It may be a subtropical island, but Taiwan still gets a winter of sorts. Starting around late November and early December, Taiwan’s winter sees an average low temperature of 13 degrees Celsius, which doesn’t sound too cold, but if you take into account the humid climate, it is more than enough to have you reaching your thick winter jacket. You’ll probably be surprised to know that it even snows in Taiwan, which when you think about the scorching summer heat that cooks the island between June and August, seems unimaginable.
The traditional lunar calendar divides the year into 24 solar terms, with Lidong (立冬), falling in November, signifying the start of winter for many East Asian cultures. During the winter months, it is very popular for people in Taiwan to eat certain types of foods which in traditional Chinese medicine (TCM) are known for their warming qualities. This is known as siqi (四氣), a concept that divides foods into four natures: cold, cool, warm, and hot. Warm and hot foods include beef and ginger, while dishes such as salad and cheese are considered cold. In an attempt to balance the immune system, strong believers in the properties of TCM will try to avoid cold foods as much as possible during the winter months.
With Taiwan’s winter right around the corner, we’ve put together a list of warming meals that are commonly eaten across the country in the winter months. From hot pots to sweet potatoes, here are six winter warmers to eat in Taiwan. (Read more: Warming, hearty, comforting end-of year hot pot gatherings)
Sesame Oil Chicken Soup (麻油雞)
Nothing warms you up quite like a hot bowl of soup. Cooked with sesame oil, ginger and rice wine, this chicken soup is full of calories and flavor and is perfect for a cold winter’s day. The aroma is mouthwatering and the combination of the rice wine with the sesame oil, along with tasty chunks of chicken, make for a truly wonderful dish. All of the soup’s ingredients have warming properties, which are said to help increase circulation – perfect for warming your fingers and toes – while the soups medicinal properties are also said to be ideal for women who’ve recently given birth.
Mutton Hot Pot (羊肉爐)
Everyone in Taiwan knows that hot pot is the perfect winter meal. However, mutton hot pot uses rice wine as the base for its broth, which takes the meal to the next level. According to TCM, lamb is another warm food, boosting the immune system, improving circulation and even upping milk production in new mothers. Throw generous servings of tasty veggies and tofu into the mix and a mutton hot pot is not only delicious, but also great for your health. (Read more: 5 unique twists on Taiwanese hot pot)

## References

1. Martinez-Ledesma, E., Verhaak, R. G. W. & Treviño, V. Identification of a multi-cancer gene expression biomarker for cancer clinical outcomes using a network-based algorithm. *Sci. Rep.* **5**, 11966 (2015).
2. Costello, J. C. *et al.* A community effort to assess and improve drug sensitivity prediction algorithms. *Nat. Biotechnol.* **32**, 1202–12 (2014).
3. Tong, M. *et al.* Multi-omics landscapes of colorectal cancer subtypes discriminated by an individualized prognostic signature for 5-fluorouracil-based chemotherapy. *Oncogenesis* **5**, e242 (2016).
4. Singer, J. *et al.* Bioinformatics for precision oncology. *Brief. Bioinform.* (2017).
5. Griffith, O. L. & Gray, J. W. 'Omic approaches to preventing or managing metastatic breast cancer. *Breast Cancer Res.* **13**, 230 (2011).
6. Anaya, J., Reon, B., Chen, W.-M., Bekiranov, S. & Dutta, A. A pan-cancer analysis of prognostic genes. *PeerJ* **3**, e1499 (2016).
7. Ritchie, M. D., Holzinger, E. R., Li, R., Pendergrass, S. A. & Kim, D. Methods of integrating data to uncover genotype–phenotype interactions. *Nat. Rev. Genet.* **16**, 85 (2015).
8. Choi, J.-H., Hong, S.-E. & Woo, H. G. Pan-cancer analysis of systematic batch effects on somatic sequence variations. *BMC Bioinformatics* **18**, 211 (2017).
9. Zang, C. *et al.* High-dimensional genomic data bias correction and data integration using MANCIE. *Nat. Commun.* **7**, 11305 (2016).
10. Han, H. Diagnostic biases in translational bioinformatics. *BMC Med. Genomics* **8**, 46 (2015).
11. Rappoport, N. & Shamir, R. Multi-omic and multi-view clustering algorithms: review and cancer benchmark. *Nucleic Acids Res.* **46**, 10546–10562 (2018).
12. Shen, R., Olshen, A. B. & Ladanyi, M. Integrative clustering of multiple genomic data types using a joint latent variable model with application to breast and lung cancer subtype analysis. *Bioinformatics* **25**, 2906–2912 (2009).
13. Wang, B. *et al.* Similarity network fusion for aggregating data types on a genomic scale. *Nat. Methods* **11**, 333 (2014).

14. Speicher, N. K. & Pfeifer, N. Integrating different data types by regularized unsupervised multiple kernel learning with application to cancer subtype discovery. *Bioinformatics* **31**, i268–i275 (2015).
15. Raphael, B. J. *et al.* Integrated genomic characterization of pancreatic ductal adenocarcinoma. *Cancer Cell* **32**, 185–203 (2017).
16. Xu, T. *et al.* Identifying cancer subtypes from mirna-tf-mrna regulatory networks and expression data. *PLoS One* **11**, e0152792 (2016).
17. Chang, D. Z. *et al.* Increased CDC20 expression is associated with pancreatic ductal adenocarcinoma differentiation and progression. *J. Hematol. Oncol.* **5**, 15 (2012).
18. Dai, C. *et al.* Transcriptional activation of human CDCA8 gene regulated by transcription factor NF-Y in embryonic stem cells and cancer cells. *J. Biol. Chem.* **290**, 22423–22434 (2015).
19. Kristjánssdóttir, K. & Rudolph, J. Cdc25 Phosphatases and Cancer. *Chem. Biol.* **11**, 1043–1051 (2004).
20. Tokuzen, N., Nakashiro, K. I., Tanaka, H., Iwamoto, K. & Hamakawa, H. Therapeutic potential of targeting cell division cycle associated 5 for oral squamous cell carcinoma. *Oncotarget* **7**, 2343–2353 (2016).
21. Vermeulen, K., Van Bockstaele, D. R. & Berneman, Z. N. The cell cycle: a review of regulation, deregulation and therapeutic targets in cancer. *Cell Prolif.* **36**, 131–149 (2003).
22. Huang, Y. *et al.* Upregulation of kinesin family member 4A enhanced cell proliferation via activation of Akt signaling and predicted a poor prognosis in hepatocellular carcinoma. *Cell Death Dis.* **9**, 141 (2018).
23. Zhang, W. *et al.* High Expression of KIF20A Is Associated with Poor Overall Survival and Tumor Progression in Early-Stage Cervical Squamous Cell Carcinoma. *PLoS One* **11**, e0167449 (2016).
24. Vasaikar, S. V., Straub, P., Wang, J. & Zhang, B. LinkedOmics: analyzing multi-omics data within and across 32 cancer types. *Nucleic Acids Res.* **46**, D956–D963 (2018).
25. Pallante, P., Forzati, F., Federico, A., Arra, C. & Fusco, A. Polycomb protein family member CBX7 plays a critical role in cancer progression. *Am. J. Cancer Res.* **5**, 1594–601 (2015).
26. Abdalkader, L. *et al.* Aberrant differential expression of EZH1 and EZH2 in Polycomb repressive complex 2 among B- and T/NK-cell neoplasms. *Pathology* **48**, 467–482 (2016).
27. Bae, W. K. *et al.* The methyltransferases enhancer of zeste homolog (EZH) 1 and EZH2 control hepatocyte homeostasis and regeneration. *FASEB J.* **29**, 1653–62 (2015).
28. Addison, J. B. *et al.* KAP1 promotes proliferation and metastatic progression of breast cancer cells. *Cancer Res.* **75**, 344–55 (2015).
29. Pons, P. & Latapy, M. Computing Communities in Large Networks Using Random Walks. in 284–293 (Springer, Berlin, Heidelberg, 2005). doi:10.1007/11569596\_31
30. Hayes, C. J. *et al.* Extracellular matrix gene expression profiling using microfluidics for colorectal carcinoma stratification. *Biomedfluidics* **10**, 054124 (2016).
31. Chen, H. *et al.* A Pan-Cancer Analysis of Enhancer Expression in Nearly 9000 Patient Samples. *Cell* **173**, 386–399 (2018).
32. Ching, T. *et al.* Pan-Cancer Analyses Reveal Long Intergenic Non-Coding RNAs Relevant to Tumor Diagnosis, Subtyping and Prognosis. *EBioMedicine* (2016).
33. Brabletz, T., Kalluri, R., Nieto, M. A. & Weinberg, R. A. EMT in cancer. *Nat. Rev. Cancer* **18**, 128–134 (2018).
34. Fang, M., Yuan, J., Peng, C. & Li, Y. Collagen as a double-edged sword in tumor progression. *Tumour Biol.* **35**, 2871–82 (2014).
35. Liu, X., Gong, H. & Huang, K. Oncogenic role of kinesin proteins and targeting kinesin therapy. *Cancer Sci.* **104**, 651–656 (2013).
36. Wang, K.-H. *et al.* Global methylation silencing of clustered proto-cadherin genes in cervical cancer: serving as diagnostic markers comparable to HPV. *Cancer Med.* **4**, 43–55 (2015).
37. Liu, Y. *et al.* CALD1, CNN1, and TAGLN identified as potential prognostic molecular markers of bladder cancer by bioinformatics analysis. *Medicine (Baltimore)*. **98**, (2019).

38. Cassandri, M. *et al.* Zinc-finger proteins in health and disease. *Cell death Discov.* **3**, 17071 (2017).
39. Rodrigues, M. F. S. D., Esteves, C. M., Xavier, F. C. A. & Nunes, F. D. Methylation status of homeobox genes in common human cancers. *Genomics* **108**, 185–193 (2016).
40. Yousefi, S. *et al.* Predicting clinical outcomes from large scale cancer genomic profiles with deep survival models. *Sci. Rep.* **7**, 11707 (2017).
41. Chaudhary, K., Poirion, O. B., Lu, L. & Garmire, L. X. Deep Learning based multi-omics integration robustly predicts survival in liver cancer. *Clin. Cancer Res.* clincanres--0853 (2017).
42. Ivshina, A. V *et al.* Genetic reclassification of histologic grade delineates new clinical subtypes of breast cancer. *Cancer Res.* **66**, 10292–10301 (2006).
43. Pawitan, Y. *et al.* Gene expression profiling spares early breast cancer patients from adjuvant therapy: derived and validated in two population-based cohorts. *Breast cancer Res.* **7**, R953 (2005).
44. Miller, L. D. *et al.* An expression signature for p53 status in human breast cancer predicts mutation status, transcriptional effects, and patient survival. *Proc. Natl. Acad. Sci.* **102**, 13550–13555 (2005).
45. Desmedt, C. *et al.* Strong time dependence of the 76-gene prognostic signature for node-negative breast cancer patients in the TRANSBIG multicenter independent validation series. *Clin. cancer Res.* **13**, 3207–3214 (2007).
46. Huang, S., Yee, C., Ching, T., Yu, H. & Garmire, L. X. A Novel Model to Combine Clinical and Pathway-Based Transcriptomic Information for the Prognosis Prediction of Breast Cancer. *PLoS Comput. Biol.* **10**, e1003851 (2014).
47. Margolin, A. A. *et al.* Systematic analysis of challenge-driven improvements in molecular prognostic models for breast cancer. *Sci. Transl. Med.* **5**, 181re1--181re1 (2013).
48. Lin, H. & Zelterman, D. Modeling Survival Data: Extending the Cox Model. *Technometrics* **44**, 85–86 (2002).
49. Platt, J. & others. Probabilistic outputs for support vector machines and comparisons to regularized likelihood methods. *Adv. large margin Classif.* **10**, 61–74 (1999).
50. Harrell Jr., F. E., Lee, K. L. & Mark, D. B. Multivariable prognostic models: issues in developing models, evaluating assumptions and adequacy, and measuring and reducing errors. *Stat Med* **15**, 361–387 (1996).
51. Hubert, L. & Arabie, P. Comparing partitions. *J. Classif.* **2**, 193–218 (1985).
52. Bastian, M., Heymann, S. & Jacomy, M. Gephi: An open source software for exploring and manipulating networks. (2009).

Si-Shen Tang/Four Tonics Soup (四神湯)
Also known as four herbs soup, or four tonics soup, this soup is definitely good for what ails you. Mild in flavor, it is popular with Taiwanese of all ages, being enjoyed here much more widely than back in its native Fujian. A staple at night markets, the soup can usually be found being sold alongside a meat dish such as guabao (刈包) or meat-filled glutinous rice dumplings (肉粽). The main ingredients in the soup are Chinese yam (淮山), gorgon (芡實), lotus seed (蓮子), and a type of mushroom/fungus called poria (茯苓), each boasting their own medicinal properties.
Glutinous Rice Balls (湯圓)
Formally referred to as tangyuan, the typical Taiwanese version of these rice balls are stuffed with a mixture of ground pork, celery, shiitake mushrooms, dried shrimp, and shallots. Traditionally eaten during Lantern Festival and the Winter Solstice (冬至), the main ingredient is glutinous rice flour and variations of this treat include a sweet sesame filling or a red bean filling, often served as a dessert, particularly in Mainland China. However, we want to focus on the warming savory version enjoyed here in Taiwan – very similar to the traditional meat version from Ningbo, eastern China – which can be eaten as part of a warming soup. Soft and tender, for many Taiwanese, nothing says winter like biting into tangyuan. (Read more: Handmade tangyuan – each one a treasure unto its own)
Hot Grass Jelly (燒仙草)
A popular dessert that many Taiwanese people grew up eating, grass jelly is widely enjoyed across South East Asia. Usually a cold dish, the hot version of the dessert is unique to Taiwan. Made primarily of dried grass jelly twigs and leaves, as well as sugar, many people add taro balls (芋圓), tapioca pearls (珍珠粉圓) and red bean (紅豆) to their recipe to enhance the flavor. Some even add roasted and salted peanuts to their hot grass jelly to not only add texture, but to also neutralize the cooling effects of the grass jelly itself. While grass jelly is a normal and regular flavor across this part of Asia, in the West it is much less so, as you’ll be able to tell from the above video.
Baked Sweet Potatoes (烤蕃薯)
Few snacks are more synonymous with Taiwan than a nice hot sweet potato. Eaten across the island since the early 1600s, they were a huge part of the indigenous people of Taiwan’s diets and nowadays can be found roasting away on street stalls, at night markets or even in convenience stores such as 7-Eleven and Family Mart. If you’re after something quick, tasty and warming, you can’t go far wrong with a baked sweet potato.